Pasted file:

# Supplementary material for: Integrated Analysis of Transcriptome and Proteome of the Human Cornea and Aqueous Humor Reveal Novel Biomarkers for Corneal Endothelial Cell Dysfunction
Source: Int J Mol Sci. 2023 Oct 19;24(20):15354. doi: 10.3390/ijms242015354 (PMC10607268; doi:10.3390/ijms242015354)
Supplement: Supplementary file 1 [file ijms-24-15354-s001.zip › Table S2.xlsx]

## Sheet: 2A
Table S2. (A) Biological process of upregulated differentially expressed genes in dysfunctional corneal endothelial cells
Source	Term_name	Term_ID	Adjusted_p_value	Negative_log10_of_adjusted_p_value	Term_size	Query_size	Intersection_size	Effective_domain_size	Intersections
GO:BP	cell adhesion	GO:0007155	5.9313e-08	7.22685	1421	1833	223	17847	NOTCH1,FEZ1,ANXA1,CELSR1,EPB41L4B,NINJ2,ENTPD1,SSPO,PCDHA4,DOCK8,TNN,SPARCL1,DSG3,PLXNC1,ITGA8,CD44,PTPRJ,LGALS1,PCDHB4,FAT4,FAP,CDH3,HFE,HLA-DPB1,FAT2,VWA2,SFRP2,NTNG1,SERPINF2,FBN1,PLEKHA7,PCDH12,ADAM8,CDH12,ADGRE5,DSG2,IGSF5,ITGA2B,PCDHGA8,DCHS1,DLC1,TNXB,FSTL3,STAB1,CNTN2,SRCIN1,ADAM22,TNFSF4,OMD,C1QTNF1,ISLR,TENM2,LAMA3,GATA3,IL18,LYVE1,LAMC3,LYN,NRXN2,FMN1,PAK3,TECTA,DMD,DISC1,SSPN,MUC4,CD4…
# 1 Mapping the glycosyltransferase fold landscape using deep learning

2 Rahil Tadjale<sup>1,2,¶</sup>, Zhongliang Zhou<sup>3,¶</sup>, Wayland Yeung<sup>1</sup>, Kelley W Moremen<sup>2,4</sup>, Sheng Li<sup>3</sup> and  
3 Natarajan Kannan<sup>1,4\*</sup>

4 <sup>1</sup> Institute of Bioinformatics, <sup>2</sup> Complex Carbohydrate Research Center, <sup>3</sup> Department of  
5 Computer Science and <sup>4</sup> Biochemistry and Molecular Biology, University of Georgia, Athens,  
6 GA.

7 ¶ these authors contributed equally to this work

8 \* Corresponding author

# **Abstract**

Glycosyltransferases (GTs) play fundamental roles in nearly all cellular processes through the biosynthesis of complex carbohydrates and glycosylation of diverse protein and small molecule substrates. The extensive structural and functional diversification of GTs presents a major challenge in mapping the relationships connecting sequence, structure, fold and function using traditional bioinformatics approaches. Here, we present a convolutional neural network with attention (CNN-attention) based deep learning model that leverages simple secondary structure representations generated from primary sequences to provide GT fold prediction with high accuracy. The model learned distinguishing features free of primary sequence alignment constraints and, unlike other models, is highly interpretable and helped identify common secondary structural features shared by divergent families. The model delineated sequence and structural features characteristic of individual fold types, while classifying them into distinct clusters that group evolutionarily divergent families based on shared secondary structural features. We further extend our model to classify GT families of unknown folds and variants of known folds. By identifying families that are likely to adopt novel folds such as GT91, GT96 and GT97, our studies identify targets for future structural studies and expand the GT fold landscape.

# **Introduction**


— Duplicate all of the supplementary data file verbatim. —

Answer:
# Supplementary material for: Integrated Analysis of Transcriptome and Proteome of the Human Cornea and Aqueous Humor Reveal Novel Biomarkers for Corneal Endothelial Cell Dysfunction
Source: Int J Mol Sci. 2023 Oct 19;24(20):15354. doi: 10.3390/ijms242015354 (PMC10607268; doi:10.3390/ijms242015354)
Supplement: Supplementary file 1 [file ijms-24-15354-s001.zip › Table S2.xlsx]

## Sheet: 2A
Table S2. (A) Biological process of upregulated differentially expressed genes in dysfunctional corneal endothelial cells
Source	Term_name	Term_ID	Adjusted_p_value	Negative_log10_of_adjusted_p_value	Term_size	Query_size	Intersection_size	Effective_domain_size	Intersections
GO:BP	cell adhesion	GO:0007155	5.9313e-08	7.22685	1421	1833	223	17847	NOTCH1,FEZ1,ANXA1,CELSR1,EPB41L4B,NINJ2,ENTPD1,SSPO,PCDHA4,DOCK8,TNN,SPARCL1,DSG3,PLXNC1,ITGA8,CD44,PTPRJ,LGALS1,PCDHB4,FAT4,FAP,CDH3,HFE,HLA-DPB1,FAT2,VWA2,SFRP2,NTNG1,SERPINF2,FBN1,PLEKHA7,PCDH12,ADAM8,CDH12,ADGRE5,DSG2,IGSF5,ITGA2B,PCDHGA8,DCHS1,DLC1,TNXB,FSTL3,STAB1,CNTN2,SRCIN1,ADAM22,TNFSF4,OMD,C1QTNF1,ISLR,TENM2,LAMA3,GATA3,IL18,LYVE1,LAMC3,LYN,NRXN2,FMN1,PAK3,TECTA,DMD,DISC1,SSPN,MUC4,CD4…
# 1 Mapping the glycosyltransferase fold landscape using deep learning

2 Rahil Tadjale<sup>1,2,¶</sup>, Zhongliang Zhou<sup>3,¶</sup>, Wayland Yeung<sup>1</sup>, Kelley W Moremen<sup>2,4</sup>, Sheng Li<sup>3</sup> and  
3 Natarajan Kannan<sup>1,4\*</sup>

4 <sup>1</sup> Institute of Bioinformatics, <sup>2</sup> Complex Carbohydrate Research Center, <sup>3</sup> Department of  
5 Computer Science and <sup>4</sup> Biochemistry and Molecular Biology, University of Georgia, Athens,  
6 GA.

7 ¶ these authors contributed equally to this work

8 \* Corresponding author

# **Abstract**

Glycosyltransferases (GTs) play fundamental roles in nearly all cellular processes through the biosynthesis of complex carbohydrates and glycosylation of diverse protein and small molecule substrates. The extensive structural and functional diversification of GTs presents a major challenge in mapping the relationships connecting sequence, structure, fold and function using traditional bioinformatics approaches. Here, we present a convolutional neural network with attention (CNN-attention) based deep learning model that leverages simple secondary structure representations generated from primary sequences to provide GT fold prediction with high accuracy. The model learned distinguishing features free of primary sequence alignment constraints and, unlike other models, is highly interpretable and helped identify common secondary structural features shared by divergent families. The model delineated sequence and structural features characteristic of individual fold types, while classifying them into distinct clusters that group evolutionarily divergent families based on shared secondary structural features. We further extend our model to classify GT families of unknown folds and variants of known folds. By identifying families that are likely to adopt novel folds such as GT91, GT96 and GT97, our studies identify targets for future structural studies and expand the GT fold landscape.

# **Introduction**